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Is 21-30 yards deep enough...some intersting split stats for Orton

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  • #76
    Originally posted by neckbeard View Post
    Orton was averaging 238 yds per game before he was hurt - 62.2% pass completion, 7.3 yds per attempt. He was a top ten passer in 4 of the first 7 weeks. If a DC plays "run-first" against a QB like that, he's an idiot and needs to be fired.
    This is the same thing that happened to Rex in 06 he was lighting it up and it took about 6 games before Ds started to game plan for him and the rest is history. The bears are a run first team, the tape on Orton is mostly from 05 where he averaged 124ypg, in 07 it was 159ypg and his first 2 games of 08 he averaged 150ypg with 0TD so what D is not going to try to stop the run? It wasn’t until he put a few games together that the Ds started to adjust to him.

    Orton's Defense was #21 last season - not taking a whole lot of pressure off of Kyle. And they gave away late leads in 3 games - Carolina, Tampa, & Atlanta (couldn't stop a rookie QB for ELEVEN FREAKIN' SECONDS) - while not bothering to even show up for the playoff-deciding season finale against Houston. That forced Orton to try and make something happen late in games (with an OC who's totally incapable of making in-game adjustments) - that's ADDING PRESSURE, not taking it off.
    The Defense wasn’t as bad as it may seem, they where great at takeaways and although they where ranked #21 in yards, that doesn’t tell the whole picture because they ran the most defensive plays out of the whole league. Out of the other top 10 Ds the bears ran another 120-167plays. So if you look at the yards per play they where ranked #5. The problem comes when your O can’t sustain drives and it puts the D back out on the field. Even though they are a top 5 in yards per play they are going to get ground down and the total yards is going to go up, the D was ranked 29 in TOP, this is why we saw so many games where the D couldn’t hold, when you have to play more downs your going to tire out.


    Jay had a hurt finger for a two games after he slapped a defender's helmet. But he was throwing to a Pro Bowl WR and a rookie sensation WR while behind one of the best o-lines in the NFL. With Mike Shanahan orchestrating the Offense.
    *sarcasm* But that High-knuckle sprain should have been in a cast, and you need to understand that Jay is a mobile QB who can scramble, and roll out to extend the play. And his high-knuckle sprain affected his ability to scramble. If you cant run and scramble due to a high-knuckle sprain when you are a scrambling QB that will really effect his game.

    Kyle had a high-ankle sprain that he could barely walk on for 7 games.
    He could barley walk on it but running was fine? His first game back against GB it’s the 4thQTR we are on the GB 36, GB jumps offsides so free play, Orton throws an interception to Collins, Orton RUNS him down and trips him up at our 38yard line. Orton gets called for tripping and offsetting penalties result.

    http://www.nfl.com/gamecenter/playby...&override=true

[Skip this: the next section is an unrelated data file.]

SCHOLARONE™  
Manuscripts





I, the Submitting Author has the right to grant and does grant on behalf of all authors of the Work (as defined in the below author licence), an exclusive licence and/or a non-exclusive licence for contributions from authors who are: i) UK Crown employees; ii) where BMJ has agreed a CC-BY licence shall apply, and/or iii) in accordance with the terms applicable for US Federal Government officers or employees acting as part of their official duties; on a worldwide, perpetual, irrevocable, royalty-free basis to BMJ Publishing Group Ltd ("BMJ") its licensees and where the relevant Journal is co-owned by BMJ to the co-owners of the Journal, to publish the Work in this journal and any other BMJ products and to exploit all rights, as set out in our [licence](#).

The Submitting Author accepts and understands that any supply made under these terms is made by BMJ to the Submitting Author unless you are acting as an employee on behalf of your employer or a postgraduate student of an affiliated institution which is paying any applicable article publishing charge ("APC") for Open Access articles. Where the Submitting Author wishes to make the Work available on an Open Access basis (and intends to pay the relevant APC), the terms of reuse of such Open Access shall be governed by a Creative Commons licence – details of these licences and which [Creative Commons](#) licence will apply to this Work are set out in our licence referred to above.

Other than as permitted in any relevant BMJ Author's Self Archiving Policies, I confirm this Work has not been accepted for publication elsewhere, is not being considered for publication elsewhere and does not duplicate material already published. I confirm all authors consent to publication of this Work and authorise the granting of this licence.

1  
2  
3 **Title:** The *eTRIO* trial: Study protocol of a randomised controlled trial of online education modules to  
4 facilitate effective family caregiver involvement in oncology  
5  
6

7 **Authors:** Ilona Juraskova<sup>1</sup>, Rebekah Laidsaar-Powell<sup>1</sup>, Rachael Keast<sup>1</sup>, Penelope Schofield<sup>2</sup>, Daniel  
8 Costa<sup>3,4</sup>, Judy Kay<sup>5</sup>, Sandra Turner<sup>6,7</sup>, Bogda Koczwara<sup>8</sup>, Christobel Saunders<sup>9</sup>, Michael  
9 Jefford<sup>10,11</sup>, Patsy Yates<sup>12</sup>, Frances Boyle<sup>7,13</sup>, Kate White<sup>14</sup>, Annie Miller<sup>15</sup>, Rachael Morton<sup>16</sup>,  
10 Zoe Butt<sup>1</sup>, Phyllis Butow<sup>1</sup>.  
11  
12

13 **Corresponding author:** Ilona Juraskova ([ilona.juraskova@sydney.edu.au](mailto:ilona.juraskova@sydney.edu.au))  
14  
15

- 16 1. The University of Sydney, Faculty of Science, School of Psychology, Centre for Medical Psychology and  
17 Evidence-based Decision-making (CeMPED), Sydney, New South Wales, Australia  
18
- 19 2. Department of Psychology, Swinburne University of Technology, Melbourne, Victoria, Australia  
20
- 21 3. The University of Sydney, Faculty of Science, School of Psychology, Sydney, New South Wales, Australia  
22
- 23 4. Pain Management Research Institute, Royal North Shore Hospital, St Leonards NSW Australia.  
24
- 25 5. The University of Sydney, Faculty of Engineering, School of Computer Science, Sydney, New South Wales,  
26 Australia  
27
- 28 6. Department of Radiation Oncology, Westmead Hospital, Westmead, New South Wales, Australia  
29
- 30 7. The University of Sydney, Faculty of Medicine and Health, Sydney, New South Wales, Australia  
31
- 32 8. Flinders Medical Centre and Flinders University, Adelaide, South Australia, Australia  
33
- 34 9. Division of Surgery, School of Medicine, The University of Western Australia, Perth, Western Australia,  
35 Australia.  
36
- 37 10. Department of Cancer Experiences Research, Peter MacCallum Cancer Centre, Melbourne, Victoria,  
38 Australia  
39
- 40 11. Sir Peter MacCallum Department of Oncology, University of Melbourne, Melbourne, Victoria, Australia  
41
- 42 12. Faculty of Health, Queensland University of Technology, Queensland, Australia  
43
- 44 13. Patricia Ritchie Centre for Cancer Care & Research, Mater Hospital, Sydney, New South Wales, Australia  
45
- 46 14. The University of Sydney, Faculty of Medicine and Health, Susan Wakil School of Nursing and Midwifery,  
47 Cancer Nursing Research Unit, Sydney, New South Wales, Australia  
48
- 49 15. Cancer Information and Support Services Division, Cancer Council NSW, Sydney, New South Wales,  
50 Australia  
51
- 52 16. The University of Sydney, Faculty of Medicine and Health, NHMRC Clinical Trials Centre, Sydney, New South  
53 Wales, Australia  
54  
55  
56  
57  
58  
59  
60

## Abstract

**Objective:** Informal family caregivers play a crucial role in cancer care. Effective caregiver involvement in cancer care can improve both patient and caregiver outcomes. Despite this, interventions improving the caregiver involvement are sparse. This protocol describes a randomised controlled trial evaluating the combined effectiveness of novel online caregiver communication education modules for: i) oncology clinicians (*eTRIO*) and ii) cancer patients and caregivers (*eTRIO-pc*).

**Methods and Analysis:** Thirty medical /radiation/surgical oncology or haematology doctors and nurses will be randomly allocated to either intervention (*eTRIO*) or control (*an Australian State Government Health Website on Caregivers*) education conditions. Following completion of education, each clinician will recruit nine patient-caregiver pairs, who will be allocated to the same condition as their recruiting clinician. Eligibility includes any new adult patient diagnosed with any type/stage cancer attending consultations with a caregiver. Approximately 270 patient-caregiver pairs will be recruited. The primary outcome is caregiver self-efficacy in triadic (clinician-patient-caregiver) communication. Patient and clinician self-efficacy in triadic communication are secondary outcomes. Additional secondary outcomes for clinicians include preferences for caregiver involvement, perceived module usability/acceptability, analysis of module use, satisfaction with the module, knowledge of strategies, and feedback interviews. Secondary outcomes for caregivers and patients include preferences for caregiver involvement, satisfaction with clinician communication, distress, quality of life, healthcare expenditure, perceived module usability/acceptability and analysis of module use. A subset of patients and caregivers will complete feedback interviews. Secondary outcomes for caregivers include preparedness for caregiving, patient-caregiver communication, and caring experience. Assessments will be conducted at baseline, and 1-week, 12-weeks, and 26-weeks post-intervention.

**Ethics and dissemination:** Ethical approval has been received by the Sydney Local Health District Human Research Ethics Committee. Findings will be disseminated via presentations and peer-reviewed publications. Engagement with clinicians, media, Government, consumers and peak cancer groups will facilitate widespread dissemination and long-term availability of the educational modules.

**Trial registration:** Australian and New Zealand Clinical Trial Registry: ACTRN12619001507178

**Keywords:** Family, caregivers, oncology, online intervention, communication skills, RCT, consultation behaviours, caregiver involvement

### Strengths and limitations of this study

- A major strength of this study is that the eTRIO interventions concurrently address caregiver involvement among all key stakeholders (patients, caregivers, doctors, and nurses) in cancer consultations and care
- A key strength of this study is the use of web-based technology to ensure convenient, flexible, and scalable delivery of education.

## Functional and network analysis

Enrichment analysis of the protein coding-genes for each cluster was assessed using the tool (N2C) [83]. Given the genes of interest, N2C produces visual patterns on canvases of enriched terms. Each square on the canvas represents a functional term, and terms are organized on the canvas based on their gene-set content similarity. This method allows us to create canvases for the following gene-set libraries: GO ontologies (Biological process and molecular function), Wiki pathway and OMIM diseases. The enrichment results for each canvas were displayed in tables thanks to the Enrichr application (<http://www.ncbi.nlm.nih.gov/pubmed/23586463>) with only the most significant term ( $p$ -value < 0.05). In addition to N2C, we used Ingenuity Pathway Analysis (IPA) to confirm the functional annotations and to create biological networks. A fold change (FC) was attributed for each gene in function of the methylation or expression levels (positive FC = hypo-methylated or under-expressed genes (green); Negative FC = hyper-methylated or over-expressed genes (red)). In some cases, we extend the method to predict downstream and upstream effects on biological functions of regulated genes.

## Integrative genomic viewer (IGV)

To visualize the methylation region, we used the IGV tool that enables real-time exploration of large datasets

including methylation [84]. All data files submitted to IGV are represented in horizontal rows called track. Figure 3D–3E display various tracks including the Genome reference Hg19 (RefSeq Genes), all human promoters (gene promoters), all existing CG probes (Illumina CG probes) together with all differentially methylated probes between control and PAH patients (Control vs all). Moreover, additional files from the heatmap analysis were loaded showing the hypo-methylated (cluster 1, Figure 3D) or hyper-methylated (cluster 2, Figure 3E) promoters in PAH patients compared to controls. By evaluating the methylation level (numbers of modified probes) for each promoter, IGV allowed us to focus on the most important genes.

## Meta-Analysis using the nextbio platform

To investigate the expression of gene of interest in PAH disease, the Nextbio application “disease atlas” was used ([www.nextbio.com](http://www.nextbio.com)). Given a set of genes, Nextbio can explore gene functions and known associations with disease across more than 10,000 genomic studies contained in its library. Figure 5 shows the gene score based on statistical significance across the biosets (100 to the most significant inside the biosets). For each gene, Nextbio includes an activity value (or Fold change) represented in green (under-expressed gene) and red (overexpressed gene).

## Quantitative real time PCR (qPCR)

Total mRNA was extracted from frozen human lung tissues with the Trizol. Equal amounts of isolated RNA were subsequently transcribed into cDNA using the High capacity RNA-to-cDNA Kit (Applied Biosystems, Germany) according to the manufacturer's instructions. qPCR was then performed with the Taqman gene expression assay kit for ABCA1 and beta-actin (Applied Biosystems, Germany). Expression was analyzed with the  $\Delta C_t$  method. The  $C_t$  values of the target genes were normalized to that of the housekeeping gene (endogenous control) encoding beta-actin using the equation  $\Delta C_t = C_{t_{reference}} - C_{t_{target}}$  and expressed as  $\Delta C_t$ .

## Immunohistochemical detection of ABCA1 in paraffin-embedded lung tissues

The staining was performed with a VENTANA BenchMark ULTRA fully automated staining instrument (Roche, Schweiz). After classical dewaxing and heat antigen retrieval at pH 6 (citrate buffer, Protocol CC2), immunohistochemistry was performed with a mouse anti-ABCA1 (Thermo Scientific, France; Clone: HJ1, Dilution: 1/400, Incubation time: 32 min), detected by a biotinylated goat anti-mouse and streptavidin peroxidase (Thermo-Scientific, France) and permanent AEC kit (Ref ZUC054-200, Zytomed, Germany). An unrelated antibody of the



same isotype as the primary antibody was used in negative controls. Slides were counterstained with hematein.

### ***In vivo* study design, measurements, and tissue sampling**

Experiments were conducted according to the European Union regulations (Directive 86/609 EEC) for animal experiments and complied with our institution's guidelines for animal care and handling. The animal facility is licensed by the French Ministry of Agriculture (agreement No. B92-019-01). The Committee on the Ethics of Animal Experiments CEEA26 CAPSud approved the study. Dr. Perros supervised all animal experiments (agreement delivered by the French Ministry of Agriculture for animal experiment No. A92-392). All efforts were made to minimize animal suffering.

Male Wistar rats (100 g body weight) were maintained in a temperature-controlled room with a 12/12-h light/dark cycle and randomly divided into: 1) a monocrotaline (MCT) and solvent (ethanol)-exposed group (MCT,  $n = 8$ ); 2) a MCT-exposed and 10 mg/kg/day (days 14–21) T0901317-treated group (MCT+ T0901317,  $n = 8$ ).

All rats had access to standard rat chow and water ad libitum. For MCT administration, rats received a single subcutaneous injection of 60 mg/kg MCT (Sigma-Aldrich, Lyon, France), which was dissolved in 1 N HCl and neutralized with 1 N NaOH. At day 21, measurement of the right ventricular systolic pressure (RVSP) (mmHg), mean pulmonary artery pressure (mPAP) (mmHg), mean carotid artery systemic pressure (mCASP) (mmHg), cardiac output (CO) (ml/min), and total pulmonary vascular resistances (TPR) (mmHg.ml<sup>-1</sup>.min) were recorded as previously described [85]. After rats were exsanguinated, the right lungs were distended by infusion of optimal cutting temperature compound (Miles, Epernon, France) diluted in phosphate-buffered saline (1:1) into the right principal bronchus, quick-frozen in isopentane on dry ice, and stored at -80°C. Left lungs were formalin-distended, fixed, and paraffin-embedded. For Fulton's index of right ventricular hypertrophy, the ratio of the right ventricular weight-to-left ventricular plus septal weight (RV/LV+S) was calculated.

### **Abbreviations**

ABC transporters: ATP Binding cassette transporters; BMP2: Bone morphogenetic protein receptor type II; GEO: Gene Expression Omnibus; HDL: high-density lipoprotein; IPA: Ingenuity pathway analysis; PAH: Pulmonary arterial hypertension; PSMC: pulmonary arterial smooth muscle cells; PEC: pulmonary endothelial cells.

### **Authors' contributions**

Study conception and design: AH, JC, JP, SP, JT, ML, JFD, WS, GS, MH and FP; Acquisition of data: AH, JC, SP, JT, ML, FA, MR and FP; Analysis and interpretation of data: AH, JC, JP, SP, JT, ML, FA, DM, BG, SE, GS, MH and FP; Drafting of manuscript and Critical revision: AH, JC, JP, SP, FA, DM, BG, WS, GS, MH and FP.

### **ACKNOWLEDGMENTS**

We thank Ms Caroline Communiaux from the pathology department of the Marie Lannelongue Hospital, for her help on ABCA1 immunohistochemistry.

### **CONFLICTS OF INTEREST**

(7:56) (Shotgun) 18-K.Orton pass short middle intended for 80-B.Lloyd INTERCEPTED by 36-N.Collins at GB 21. 36-N.Collins to CHI 38 for 41 yards (18-K.Orton). Penalty on GB-96-M.Montgomery, Defensive Offside, offsetting, enforced at GB 36 - No Play. Penalty on CHI-18-K.Orton, Tripping, offsetting.

    So Ortons magic high ankle sprain allows him to run, but just not walk or throw? I guess that’s the same as Jays high-knuckle sprain stopping him from running. Besides Orton said himself his ankle was fine.

    I understand that if the ankle is bad you couldn’t plant on it and throw, but if you can RUN on it then you can plant on it.

    Comment


    • #77
      Originally posted by dbldrew View Post
      I understand that if the ankle is bad you couldn’t plant on it and throw, but if you can RUN on it then you can plant on it.
      Not true. (Not calling you a liar, but just saying you are mistaken.) First, pushing
      off to pass the ball requires a different set of muscles and tendons than running.
      When running, you are going straight forward, and the hamstring and calf, and
      the associated tendons, are in play. When throwing the ball, you are more
      perpindicular to the target, and the muscles and tendons on the outside of the
      plant foot are more in use. So the ability to run forward is not an indicator of
      the ability to do other things.

      In fact, I noticed a decline in Orton's mobility following his injury. While he could
      run, he had trouble cutting, especially to his left. Moreover, I saw him throwing
      awkwardly off his front foot or trying to pass flat-footed at times. Orton does
      have a strong arm, by NFL standards, but he still doesn't have Cutler's
      howitzer, and he needs that plant foot to put the steam into his passes.

      The fact is, Orton was not nearly as good the last half of last year as he was
      the first half. The only factor that had significantly changed was his injury.
      Bring into the argument anything you want, but those are the facts . . .

      -----

      Comment


      • #78
        Originally posted by neckbeard
        Orton was averaging 238 yds per game before he was hurt - 62.2% pass completion, 7.3 yds per attempt. He was a top ten passer in 4 of the first 7 weeks. If a DC plays "run-first" against a QB like that, he's an idiot and needs to be fired.